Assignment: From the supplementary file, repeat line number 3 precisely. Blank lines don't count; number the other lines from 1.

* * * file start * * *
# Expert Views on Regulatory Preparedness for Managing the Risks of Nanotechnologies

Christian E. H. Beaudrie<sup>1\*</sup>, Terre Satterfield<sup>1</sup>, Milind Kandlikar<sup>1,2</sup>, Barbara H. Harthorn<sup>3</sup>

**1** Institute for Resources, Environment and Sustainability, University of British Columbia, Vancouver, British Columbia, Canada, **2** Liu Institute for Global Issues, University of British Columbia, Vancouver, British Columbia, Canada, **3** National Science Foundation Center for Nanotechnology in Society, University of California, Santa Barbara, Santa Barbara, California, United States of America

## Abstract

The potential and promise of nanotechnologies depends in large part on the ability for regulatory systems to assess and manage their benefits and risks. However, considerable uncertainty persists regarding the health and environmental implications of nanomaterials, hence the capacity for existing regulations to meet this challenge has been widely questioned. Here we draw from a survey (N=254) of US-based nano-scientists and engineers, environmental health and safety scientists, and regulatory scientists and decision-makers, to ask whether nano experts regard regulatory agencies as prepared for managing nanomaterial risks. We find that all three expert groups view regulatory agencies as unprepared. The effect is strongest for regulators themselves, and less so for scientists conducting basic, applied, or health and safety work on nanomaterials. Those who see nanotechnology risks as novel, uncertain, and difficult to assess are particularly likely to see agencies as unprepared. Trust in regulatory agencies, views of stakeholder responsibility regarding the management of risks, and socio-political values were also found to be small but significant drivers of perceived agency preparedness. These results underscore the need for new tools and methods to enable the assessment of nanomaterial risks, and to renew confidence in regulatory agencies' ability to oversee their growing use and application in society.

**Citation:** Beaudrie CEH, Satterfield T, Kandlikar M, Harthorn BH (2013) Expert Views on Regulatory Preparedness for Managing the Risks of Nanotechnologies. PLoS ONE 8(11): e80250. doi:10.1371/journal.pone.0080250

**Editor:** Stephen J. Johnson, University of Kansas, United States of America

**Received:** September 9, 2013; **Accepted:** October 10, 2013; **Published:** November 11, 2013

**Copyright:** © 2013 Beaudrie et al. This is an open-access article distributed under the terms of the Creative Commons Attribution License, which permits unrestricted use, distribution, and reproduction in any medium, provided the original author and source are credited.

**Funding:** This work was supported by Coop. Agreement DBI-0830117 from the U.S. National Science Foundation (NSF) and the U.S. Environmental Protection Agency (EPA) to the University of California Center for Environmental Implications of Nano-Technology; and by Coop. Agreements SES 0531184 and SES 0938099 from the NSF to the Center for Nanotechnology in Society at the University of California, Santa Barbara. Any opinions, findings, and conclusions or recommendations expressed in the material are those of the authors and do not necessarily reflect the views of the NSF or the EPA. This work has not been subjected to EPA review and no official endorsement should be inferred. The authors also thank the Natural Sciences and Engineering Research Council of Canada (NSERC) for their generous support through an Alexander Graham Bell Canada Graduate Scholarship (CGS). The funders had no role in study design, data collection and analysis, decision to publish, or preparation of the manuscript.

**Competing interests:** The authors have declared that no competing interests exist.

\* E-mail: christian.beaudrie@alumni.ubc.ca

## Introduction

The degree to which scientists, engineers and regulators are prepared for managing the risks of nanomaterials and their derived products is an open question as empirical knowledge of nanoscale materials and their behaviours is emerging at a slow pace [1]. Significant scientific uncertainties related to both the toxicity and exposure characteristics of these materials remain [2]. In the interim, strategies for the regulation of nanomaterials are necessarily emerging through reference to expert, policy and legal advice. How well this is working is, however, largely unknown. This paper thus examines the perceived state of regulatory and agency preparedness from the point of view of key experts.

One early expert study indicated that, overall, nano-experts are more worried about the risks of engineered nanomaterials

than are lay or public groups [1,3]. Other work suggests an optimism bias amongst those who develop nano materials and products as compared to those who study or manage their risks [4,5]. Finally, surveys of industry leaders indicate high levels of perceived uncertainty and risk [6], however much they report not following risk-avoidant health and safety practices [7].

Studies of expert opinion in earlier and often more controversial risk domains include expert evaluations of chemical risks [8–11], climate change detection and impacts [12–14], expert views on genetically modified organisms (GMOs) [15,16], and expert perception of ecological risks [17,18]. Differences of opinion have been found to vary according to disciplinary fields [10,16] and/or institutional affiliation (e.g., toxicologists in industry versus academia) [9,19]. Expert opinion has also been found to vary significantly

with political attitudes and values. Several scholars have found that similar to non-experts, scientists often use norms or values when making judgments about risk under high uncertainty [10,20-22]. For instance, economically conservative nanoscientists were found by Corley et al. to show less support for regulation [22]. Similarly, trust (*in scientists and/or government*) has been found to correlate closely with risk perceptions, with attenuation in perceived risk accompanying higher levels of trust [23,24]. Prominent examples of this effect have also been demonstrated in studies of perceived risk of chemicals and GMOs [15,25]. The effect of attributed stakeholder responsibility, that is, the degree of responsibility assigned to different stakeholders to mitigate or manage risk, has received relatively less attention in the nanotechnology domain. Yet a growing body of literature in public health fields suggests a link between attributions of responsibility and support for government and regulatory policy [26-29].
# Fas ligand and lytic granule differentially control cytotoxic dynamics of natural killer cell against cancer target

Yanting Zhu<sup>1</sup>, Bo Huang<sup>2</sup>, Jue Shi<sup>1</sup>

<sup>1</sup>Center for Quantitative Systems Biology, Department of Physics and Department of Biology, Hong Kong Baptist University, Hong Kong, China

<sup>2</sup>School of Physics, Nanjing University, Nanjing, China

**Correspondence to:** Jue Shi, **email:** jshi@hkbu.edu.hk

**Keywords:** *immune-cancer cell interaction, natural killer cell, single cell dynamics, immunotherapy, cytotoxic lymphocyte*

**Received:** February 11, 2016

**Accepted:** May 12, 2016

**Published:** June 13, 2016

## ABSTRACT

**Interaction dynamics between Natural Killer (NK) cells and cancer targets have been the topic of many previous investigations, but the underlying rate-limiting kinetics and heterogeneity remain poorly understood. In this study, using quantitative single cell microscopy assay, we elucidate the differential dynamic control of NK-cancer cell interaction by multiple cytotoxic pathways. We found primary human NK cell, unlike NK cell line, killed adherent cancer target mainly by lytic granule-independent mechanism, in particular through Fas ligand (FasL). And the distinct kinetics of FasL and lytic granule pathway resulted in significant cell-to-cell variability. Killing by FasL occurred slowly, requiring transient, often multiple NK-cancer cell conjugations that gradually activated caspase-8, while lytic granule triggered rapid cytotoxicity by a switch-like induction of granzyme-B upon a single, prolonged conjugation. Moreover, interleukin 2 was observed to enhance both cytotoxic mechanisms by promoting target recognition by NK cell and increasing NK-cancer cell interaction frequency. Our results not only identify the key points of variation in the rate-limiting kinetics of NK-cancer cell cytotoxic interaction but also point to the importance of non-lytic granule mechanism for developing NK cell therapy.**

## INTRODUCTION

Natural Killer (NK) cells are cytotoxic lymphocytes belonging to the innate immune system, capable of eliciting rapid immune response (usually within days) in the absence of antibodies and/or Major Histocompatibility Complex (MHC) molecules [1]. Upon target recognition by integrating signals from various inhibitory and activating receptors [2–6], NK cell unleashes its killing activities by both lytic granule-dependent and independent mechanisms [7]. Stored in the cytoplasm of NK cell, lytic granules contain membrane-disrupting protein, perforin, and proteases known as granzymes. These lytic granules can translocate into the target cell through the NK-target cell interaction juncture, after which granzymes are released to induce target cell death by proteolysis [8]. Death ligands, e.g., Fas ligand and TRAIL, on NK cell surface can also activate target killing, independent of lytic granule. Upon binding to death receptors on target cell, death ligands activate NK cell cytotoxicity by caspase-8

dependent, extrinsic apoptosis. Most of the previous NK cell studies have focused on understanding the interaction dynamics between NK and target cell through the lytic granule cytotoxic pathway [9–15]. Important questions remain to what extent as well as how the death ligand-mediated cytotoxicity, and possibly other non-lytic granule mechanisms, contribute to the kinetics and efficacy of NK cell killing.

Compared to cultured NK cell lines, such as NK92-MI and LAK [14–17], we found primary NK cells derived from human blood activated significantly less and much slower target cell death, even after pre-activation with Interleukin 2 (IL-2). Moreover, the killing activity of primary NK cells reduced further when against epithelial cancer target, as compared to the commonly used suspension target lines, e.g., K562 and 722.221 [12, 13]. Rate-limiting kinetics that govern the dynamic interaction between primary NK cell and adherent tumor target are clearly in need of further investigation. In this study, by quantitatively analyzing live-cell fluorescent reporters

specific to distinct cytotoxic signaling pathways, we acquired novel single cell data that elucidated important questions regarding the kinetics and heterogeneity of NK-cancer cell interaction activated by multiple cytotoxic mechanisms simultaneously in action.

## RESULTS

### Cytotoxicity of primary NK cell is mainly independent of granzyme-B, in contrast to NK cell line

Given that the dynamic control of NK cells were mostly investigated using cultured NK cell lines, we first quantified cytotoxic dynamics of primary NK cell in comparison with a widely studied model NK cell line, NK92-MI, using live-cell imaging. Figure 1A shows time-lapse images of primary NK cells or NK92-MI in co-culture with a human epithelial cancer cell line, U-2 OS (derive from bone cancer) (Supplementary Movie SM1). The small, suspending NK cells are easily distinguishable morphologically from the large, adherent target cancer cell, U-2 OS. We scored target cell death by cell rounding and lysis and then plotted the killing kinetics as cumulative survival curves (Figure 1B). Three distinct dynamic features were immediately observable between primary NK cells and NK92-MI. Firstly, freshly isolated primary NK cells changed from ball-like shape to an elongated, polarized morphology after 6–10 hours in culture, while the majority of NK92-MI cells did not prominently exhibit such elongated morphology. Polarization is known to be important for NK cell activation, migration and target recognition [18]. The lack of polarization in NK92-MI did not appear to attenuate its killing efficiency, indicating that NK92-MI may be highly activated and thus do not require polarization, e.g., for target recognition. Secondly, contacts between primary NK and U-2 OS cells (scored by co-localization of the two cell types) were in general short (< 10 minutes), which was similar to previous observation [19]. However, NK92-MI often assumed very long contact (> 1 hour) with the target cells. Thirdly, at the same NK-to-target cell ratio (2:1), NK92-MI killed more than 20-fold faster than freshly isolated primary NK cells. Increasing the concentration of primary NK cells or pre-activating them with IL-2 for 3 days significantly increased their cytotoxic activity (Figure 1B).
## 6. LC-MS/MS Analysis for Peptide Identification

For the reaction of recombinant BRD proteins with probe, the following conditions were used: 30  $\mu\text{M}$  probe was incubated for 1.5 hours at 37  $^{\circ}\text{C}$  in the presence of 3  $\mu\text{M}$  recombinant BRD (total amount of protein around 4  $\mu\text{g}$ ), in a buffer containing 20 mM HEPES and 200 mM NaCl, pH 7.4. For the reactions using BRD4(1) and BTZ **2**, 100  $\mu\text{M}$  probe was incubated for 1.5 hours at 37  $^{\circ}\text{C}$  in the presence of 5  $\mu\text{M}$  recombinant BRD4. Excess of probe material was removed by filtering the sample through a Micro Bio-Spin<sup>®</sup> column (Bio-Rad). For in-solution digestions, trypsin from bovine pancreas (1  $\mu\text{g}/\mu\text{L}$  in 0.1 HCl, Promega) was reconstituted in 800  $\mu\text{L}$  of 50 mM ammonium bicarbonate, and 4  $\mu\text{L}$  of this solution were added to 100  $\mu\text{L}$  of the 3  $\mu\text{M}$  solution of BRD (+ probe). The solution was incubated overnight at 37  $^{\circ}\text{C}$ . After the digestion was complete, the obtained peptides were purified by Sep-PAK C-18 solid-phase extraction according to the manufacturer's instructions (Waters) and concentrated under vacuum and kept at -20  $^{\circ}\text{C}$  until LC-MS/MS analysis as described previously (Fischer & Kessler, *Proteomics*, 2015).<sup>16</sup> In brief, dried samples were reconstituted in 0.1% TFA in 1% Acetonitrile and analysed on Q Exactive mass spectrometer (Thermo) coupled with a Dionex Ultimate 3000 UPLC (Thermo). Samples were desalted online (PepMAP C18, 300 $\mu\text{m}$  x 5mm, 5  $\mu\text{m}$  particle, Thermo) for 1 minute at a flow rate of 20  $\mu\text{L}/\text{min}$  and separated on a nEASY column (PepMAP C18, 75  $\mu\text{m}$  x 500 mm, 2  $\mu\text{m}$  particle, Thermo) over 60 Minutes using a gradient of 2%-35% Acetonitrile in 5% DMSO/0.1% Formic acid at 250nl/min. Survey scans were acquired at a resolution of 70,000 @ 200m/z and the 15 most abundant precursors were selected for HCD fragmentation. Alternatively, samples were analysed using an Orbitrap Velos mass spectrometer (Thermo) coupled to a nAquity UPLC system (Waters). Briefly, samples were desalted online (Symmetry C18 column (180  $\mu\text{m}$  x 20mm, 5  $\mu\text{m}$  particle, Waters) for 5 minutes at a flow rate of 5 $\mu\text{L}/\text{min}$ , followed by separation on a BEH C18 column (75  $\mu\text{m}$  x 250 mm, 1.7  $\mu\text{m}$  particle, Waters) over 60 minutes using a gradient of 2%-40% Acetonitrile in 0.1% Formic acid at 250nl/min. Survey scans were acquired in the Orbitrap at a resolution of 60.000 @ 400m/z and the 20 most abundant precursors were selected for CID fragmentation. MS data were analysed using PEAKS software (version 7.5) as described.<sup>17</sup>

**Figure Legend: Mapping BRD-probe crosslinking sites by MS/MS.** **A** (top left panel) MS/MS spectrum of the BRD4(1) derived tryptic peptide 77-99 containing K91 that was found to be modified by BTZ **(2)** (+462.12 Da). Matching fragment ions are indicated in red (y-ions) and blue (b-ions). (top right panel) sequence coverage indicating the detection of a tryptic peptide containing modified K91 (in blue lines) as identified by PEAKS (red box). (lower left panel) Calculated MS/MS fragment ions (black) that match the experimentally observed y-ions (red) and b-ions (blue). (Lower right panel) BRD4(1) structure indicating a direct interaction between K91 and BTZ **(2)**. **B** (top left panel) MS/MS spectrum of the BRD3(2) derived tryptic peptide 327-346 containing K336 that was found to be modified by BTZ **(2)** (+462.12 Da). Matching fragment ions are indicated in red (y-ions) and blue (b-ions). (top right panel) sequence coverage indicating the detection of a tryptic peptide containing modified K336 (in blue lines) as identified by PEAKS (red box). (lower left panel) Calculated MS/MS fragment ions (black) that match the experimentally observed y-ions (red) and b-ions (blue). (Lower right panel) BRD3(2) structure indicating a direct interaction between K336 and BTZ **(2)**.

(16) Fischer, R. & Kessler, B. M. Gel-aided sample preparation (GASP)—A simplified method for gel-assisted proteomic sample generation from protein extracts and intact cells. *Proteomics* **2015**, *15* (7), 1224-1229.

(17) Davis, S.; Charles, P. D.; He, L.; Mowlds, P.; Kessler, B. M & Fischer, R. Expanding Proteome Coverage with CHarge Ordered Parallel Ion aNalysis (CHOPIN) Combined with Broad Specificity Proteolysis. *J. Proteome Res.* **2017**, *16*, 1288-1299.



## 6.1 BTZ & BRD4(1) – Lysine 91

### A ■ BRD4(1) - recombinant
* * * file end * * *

**1** Institute for Resources, Environment and Sustainability, University of British Columbia, Vancouver, British Columbia, Canada, **2** Liu Institute for Global Issues, University of British Columbia, Vancouver, British Columbia, Canada, **3** National Science Foundation Center for Nanotechnology in Society, University of California, Santa Barbara, Santa Barbara, California, United States of America